"When I saw the morning star and attained Nirvana, although I saw that all formations are transient, I did not feel sad, Manjusri, but was filled with a blissful energy. Why? It was as if I had begun breathing for the first time. I felt this clear and brilliant energy pervade me, from the crown of my head to my toes. And thinking on it, I remembered that, as a boy, I had been instructed in the Vedas by a tutor who spoke to me of Prana, a formless invisible energy that moves ceaselessly in the subtle channels of the body, and is connected to breathing.
Do not look startled, Manjusri. In my all-night meditation under the Bodhi tree, I attained perfect Enlightenment and clarity of mind, but I also experienced a blazing vitality of energy, and gained the ability to sense the brilliant Prana moving unobstructed through the channels of my body. This Prana was not different from the Prana in the air, in the grasses and trees, in the snakes, in the birds, in animals, and in other human beings.
At the instant I gained Enlightenment, the Prana flowing through the separate subtle channels of my body suddenly joined and united in the central channel, producing a flash of bliss that turned into a whirlwind. It rose to the crown of my head and unfolded like a thousand petaled lotus, and then it began to seep and to circulate with the calm rhythm of my breathing back down as a precious nectar, filling my body with light.
As I sat still longer under the Bodhi tree, I no longer meditated in any formal way, yet it seemed to me that the seat of this blissful Mind of Enlightenment was a point resting about two inches below my navel and about an inch inside. Why? Because this point seemed to be nothing whatever.
By turning my mind to various parts of my body, I could feel and experience them clearly -- my fingers, toes, ears, and so on -- but when I tried to look into the Tanden (the One Point in the Hara), I found only unfathomable space extending in all directions.
As the sense of the Prana flowing in my body vitalized and made it blissful, the ground of this Prana, the center from which it sprang and to which it returned in a powerful ebb and flow, seemed to be this One Point, which is also a Zero Point. Some ancient sages have called this point in the Hara 'the gateless gate,' 'the mountain barrier.' Others have called it 'the cinnabar field,' the dark palace where the golden elixer is made. The Hara is the place of no mind, where nothing is, yet everything mysteriously arises.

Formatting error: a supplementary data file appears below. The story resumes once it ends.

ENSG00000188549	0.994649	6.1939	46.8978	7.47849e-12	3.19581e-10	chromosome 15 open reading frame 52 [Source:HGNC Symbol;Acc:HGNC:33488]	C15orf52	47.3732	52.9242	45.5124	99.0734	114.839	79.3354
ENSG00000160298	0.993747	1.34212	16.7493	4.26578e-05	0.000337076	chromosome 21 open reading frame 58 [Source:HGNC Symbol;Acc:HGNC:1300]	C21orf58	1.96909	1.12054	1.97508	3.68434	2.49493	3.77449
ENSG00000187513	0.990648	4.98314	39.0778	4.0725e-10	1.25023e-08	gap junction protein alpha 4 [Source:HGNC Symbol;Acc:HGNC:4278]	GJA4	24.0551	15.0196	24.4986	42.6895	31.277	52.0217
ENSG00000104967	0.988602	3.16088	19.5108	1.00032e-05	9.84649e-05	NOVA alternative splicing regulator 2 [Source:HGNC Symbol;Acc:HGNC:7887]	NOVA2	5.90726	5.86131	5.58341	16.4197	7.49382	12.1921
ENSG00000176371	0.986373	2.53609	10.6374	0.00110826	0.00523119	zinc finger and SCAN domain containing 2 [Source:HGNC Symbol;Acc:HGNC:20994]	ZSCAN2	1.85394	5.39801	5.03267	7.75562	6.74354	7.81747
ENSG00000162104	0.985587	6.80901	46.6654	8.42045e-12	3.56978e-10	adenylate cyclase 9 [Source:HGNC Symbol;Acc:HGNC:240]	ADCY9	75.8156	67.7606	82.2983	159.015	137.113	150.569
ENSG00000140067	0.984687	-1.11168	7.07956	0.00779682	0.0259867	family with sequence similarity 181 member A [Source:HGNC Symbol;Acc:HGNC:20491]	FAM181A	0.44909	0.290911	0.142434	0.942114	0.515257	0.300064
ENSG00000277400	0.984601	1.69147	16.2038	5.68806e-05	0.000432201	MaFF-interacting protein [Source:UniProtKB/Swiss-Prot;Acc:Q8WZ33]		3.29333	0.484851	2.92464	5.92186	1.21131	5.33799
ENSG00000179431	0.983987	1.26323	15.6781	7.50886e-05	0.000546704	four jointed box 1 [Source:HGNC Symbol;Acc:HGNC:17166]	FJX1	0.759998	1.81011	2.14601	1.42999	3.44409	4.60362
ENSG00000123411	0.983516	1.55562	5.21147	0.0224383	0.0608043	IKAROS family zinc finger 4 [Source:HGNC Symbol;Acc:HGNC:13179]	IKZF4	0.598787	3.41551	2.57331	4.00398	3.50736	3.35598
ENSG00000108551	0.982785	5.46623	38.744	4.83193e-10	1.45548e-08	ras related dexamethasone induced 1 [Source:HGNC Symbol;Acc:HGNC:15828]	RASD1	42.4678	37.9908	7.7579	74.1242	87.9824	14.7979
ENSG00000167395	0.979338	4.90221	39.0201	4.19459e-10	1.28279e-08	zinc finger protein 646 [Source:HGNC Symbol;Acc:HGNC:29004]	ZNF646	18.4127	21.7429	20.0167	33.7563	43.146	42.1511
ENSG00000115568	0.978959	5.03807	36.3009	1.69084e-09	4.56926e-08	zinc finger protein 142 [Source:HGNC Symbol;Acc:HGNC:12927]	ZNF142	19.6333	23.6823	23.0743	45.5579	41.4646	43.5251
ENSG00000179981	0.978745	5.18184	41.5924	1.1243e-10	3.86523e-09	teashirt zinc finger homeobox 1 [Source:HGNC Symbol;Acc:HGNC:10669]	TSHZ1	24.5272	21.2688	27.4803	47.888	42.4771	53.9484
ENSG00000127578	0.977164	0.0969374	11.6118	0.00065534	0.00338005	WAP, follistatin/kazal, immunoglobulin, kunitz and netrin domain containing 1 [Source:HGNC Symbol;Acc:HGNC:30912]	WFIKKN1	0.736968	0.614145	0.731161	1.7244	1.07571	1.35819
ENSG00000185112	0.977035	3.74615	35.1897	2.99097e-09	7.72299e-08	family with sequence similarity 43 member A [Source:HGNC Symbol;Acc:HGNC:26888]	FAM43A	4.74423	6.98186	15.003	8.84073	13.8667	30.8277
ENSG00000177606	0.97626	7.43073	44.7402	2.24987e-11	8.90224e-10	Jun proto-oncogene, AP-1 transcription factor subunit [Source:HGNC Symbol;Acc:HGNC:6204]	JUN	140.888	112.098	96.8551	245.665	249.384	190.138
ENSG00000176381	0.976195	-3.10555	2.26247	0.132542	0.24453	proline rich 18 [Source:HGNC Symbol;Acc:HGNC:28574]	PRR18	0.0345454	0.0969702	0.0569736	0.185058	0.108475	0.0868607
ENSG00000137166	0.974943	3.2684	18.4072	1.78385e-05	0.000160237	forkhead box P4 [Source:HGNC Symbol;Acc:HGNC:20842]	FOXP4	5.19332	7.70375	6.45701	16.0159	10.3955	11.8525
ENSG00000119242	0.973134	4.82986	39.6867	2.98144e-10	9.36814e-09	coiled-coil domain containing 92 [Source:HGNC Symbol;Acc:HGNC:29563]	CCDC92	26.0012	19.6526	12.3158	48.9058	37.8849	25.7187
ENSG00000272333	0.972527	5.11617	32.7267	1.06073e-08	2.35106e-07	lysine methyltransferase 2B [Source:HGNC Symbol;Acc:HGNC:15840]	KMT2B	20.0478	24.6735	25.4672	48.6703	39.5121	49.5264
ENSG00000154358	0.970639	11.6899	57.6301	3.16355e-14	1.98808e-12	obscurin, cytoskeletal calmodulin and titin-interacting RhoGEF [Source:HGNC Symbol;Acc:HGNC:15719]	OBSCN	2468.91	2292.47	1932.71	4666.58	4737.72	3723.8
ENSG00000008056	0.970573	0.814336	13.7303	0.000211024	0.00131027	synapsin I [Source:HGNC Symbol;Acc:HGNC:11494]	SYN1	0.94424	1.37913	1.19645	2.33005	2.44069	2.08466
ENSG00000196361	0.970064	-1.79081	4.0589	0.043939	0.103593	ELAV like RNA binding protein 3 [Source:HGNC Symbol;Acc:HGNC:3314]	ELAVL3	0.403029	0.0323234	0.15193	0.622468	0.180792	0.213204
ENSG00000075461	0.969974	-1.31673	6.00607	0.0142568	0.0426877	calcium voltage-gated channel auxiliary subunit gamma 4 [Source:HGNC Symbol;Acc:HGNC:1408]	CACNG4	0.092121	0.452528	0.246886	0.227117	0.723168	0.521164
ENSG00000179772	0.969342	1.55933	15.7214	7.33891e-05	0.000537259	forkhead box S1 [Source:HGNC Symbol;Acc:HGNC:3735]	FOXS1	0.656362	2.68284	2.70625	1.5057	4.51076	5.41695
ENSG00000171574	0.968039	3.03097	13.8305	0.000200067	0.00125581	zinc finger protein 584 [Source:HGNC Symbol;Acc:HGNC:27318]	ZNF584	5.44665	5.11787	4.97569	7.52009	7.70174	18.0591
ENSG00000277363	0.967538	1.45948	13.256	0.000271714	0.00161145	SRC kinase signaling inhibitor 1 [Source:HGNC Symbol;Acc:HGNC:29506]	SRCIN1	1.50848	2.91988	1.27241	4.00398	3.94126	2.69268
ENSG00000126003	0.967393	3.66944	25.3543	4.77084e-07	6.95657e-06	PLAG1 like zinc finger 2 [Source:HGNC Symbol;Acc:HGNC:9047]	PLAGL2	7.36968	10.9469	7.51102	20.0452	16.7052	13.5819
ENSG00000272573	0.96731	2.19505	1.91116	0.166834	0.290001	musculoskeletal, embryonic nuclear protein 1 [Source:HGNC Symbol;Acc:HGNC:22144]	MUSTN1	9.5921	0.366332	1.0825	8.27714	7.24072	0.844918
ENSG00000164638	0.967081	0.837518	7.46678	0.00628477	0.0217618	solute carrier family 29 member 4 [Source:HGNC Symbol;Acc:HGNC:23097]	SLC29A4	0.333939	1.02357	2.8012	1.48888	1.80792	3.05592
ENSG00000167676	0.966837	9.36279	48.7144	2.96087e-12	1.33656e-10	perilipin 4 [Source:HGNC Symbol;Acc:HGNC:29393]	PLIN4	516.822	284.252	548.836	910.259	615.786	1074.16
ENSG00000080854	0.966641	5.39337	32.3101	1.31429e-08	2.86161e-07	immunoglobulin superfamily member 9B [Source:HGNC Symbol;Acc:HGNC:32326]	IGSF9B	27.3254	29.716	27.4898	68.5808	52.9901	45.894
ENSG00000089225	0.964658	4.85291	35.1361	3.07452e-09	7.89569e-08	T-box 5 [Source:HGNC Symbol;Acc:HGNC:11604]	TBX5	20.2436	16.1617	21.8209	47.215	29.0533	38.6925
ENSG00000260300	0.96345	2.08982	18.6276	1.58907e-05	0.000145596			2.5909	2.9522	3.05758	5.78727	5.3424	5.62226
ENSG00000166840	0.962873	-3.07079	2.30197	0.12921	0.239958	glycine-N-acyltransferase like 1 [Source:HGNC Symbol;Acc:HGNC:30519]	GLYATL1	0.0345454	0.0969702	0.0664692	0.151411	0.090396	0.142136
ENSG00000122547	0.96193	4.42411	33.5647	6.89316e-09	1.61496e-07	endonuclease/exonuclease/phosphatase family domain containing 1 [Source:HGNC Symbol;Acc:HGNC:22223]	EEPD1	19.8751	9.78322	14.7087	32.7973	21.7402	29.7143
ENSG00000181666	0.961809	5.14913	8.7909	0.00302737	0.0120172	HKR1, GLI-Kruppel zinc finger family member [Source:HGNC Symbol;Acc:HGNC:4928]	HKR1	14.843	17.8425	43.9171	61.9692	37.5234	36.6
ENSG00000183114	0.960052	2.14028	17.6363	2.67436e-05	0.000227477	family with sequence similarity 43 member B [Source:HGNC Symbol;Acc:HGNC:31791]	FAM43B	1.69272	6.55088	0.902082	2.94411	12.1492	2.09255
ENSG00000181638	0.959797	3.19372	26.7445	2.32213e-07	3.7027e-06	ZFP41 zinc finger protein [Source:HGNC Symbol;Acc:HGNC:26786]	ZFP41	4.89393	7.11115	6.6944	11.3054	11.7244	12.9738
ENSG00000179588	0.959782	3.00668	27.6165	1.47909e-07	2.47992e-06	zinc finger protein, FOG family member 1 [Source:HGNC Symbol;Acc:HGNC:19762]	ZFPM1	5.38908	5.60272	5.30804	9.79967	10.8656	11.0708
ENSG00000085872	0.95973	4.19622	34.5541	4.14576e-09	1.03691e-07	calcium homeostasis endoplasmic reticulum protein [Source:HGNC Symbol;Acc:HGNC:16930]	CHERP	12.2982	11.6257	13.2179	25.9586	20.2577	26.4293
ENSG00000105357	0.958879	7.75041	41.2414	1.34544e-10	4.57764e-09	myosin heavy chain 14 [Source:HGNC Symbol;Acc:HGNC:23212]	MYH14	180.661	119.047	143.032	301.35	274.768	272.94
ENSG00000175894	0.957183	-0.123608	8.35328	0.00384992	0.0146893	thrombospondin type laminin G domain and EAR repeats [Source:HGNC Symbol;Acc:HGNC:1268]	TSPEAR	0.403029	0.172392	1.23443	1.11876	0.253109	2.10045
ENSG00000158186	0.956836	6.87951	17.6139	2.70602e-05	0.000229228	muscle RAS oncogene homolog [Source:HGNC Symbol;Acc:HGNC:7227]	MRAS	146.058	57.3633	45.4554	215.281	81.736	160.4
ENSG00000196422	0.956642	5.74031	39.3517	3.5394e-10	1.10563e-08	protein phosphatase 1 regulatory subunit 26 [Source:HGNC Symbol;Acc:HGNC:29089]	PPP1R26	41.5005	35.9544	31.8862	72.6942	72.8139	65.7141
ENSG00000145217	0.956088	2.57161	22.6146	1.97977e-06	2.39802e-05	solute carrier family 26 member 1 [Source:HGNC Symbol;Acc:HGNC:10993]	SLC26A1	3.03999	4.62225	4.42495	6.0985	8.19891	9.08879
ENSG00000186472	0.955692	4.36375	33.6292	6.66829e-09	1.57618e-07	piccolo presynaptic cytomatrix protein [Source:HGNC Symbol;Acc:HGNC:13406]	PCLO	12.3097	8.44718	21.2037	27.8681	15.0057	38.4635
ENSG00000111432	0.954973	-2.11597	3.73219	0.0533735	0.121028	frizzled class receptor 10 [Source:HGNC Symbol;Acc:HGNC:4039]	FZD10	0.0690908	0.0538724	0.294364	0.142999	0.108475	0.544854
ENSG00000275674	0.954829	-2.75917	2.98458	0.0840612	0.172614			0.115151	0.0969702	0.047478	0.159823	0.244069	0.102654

As I sat under the Bodhi tree, I boldly dropped my mental formations and even my thinking itself into the Hara, and it all vanished, leaving me in a state of absolute clarity that cannot be described in words. Indeed, it seemed to me that at this instant I experienced infinity. By experimenting like this, I came to realize that the Hara is like a deep, cool forest grove where one can rest from all effort and all thought, and gain sudden enlightenment. In that grove is a waterfall that sings delightfully all day and night, without overwhelming the ears. This waterfall, Manjusri, is the Prana of the whole universe.
It is from the Hara that Prana flows through the body like a powerful vibration from a drum. It is the center of vitality.
When I got up from my seat under the Bodhi tree, I knew that I could draw on the reservoir of Prana in the Tanden for the energy to walk across India, for the power to speak and project my voice in these great assemblies, and for the ability to withstand hunger and thirst and the extremes of heat and cold.
Do you hear that thunder crashing? By relaxing my body and dropping any sense of fear or alarm into the Hara, I instantly become calm and gain the courage and stability of a lion.
I do not shiver from the rain and hail, because the Prana rising from the Tanden with every breath fills me with delightful warmth.
So you, too, Manjusri -- and all those gathered here today to hear my words -- should spend as many of your waking hours as possible practicing this wonderful art of 'dropping' thoughts, sensations, emotions, and mental formations into the void of the Hara. Thereby you will realize for yourself the voidness of the whole universe, void yet overflowing with energy!"
Posted by ALW at 4:41 PM